The recent M.T. Argonaftis arbitration at New York (S.M.A. 3291) is the latest maritime arbitration to discuss the applicability of the so-called “trade allowance” to cargo losses sustained on tanker vessels.

The purpose of the trade allowance is to release the shipowner from liability for unexplained and inevitable cargo loss due to the inherent nature of the product carried and the physical conditions of carriage.

In the past, arbitrators and courts accepted a trade allowance of 0.5 percent on crude oil shipments. Today, courts reject the trade allowance concept, absent a reference to it in the contract of carriage.

Most arbitrators, however, still permit the allowance. The 0.5 percent allowance has been reduced to fit the facts of each case.

Loss of crude oil cargoes may occur when oil escapes from, or inadvertently remains in vessel cargo tanks and pipe lines. These losses result from leakage, spillage, clingage and evaporation.

Measurement losses frequently apply to oil
Shipowners are usually liable for significant physical “in-Transit losses.”

Measurement losses frequently apply to oil cargoes. These losses involve errors associated with quantifying oil volumes in cargo tanks.

Measurement factors may include clerical errors, fluctuating cargo temperatures and incorrect ullage and trim correction tables.

Measurement losses are paper losses, as the liquid cargo weight remains constant.

Public factors include: court administrative difficulties, crowded dockets, overburdening jury systems, local interests of having controversies decided at home, conflict of law problems, and the relationship of the forum to the events giving rise to the litigation.

Measurements differ on ship and shore
When tankers load and discharge cargo, volumes may differ from shore tank figures because of measurement losses. If ship-to-shore volume differentials are significant, cargo claims for in-transit losses may occur.

Arbitrators and courts will rely on ship ullage measurement figures, rather than shore side tank data, to evaluate claims, unless there is strong evidence that the ship’s ullages are unreliable.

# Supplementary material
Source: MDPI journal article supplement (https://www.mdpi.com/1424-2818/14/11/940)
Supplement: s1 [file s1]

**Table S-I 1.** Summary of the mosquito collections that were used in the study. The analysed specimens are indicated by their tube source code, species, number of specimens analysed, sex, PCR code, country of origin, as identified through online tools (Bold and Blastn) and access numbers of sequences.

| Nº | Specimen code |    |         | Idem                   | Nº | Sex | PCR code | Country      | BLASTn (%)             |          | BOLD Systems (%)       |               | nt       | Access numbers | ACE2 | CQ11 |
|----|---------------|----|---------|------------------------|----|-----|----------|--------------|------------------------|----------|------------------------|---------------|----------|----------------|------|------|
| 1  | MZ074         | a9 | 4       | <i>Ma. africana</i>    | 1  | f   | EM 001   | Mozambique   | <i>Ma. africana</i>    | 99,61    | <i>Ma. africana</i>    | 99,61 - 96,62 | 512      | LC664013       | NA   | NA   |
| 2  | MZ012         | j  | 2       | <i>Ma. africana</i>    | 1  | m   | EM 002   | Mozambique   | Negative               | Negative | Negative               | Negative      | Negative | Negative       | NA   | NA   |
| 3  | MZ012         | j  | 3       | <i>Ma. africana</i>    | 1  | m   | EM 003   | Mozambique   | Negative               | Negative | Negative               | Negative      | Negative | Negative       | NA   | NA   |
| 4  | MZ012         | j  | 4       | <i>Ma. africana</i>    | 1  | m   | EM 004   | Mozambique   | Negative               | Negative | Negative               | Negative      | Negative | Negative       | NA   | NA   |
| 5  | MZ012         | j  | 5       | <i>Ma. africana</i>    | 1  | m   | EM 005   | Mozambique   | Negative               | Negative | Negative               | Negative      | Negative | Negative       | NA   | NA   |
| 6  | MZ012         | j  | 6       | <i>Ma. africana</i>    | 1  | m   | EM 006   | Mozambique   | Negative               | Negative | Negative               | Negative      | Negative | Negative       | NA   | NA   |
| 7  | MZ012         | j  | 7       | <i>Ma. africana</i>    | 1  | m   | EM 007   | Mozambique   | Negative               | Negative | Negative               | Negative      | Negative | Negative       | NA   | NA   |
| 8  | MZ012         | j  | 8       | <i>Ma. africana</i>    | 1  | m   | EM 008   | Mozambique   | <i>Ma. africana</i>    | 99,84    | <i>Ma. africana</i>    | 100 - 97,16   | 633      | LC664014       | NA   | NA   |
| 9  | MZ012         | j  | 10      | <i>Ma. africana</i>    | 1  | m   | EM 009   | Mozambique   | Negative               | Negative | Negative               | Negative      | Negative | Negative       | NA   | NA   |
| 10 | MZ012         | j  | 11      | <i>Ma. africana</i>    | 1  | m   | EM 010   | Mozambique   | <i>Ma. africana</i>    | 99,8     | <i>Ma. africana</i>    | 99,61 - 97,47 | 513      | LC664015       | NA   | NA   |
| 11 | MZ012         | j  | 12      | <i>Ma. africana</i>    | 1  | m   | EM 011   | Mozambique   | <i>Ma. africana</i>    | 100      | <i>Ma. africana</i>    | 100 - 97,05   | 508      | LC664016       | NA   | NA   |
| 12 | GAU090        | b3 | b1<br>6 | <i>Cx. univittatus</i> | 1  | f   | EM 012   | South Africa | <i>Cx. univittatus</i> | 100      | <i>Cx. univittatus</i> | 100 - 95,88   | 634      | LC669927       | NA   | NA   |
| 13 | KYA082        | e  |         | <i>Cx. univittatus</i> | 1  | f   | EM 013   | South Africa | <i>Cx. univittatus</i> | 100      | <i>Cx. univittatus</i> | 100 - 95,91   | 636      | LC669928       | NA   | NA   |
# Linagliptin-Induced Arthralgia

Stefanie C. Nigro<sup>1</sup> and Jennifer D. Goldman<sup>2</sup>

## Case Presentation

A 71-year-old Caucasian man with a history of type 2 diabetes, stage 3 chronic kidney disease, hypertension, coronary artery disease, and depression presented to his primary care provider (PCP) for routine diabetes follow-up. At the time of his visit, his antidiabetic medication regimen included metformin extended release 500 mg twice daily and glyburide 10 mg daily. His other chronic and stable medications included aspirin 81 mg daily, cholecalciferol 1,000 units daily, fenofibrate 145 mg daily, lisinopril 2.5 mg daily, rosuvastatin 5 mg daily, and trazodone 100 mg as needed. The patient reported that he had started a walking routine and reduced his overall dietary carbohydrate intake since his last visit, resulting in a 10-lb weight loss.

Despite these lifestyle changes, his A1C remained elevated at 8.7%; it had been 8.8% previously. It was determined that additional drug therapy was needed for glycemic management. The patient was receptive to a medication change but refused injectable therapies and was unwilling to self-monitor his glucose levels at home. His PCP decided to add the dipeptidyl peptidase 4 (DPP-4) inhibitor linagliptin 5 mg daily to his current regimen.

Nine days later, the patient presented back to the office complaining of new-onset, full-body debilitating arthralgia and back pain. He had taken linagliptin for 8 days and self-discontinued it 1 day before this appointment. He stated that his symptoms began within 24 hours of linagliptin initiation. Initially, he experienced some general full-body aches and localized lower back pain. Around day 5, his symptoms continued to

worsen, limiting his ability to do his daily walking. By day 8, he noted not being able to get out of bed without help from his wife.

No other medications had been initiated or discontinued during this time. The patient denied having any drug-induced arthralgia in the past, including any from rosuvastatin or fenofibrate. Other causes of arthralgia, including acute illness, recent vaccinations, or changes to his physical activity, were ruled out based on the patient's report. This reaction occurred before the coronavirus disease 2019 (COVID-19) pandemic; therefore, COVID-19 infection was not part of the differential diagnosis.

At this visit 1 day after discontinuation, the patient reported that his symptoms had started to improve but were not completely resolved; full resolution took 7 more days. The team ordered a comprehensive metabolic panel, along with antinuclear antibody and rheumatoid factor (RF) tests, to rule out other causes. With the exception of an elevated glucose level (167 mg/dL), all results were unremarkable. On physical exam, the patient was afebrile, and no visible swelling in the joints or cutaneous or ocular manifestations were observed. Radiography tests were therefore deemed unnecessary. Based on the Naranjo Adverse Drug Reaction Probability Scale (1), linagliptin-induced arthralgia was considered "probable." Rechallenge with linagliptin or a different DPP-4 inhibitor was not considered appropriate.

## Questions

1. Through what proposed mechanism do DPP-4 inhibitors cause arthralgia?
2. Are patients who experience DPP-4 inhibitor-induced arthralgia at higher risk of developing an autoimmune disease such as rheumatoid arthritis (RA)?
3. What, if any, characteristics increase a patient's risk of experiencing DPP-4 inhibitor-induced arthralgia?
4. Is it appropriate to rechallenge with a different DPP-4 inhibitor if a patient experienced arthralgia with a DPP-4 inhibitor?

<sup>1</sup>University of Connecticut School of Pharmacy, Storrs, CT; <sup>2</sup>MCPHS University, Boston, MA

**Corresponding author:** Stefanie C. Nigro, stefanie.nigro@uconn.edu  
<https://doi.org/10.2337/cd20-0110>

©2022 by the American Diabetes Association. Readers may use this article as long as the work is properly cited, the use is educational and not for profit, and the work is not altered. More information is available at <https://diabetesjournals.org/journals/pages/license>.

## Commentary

In the Argonaftis arbitration the vessel loaded 1,023,915 barrels of Brent crude at Sullom Voe, Shetland Islands, for discharge at charterer’s refinery at Pennsylvania.

Free water in the cargo amounted to 1,998 barrels. A composite cargo sample indicated a suspended water and sediment reading of 0.32 percent.

The vessel arrived at the discharge port with an unexplained 15-inch fracture in a cargo tank approximately five meters below the cargo level initially loaded in the tank.

Charterer later determined that during the voyage 78,993 barrels of cargo had been shifted in ten cargo tanks without its knowledge or consent.

Arrival ullages indicated 4,063 barrels of free water in the cargo.

The charterer then claimed for cargo loss against the shipowner based upon the ullage reports and the free water increase in the cargo.

Damage discovery at center of dispute
The charterer argued that the vessel concealed knowledge of the fracture and the shipowner should not be entitled to a loss allowance, as the allowance is usually applied to account for unexplained losses.

The shipowner argued that the small hairline fracture was only noticed after the vessel arrived at the discharge port.

It further argued that the cargo transfer was necessitated in order to compensate for bunker burn-off and to achieve an even keel.

Charterer entitled to loss compensation
The arbitration panel held that the charterer was entitled to compensation for the unexplained in-transit increase in free water and cargo loss:

“Under normal circumstances, the Panel would consider applying a trade allowance based on evidence presented by charterer… However, in view of the fact that the vessel acted in less then open fashion with (charterer), that it breached (the charter) by not advising (charterer) that it had to shift cargo and did not conform to voyage instructions by not reporting ‘anything unusual,’ the Panel rules that Owner is not entitled to the benefit of any in-transit or trade allowance.”

The Argonaftis arbitration makes it clear that arbitrators will permit tanker owners to utilize the trade allowance to avoid liability for unexplained cargo losses.

However, the arbitration also suggests that evasive or unexplained conduct on the part of the shipowner will void the trade allowance.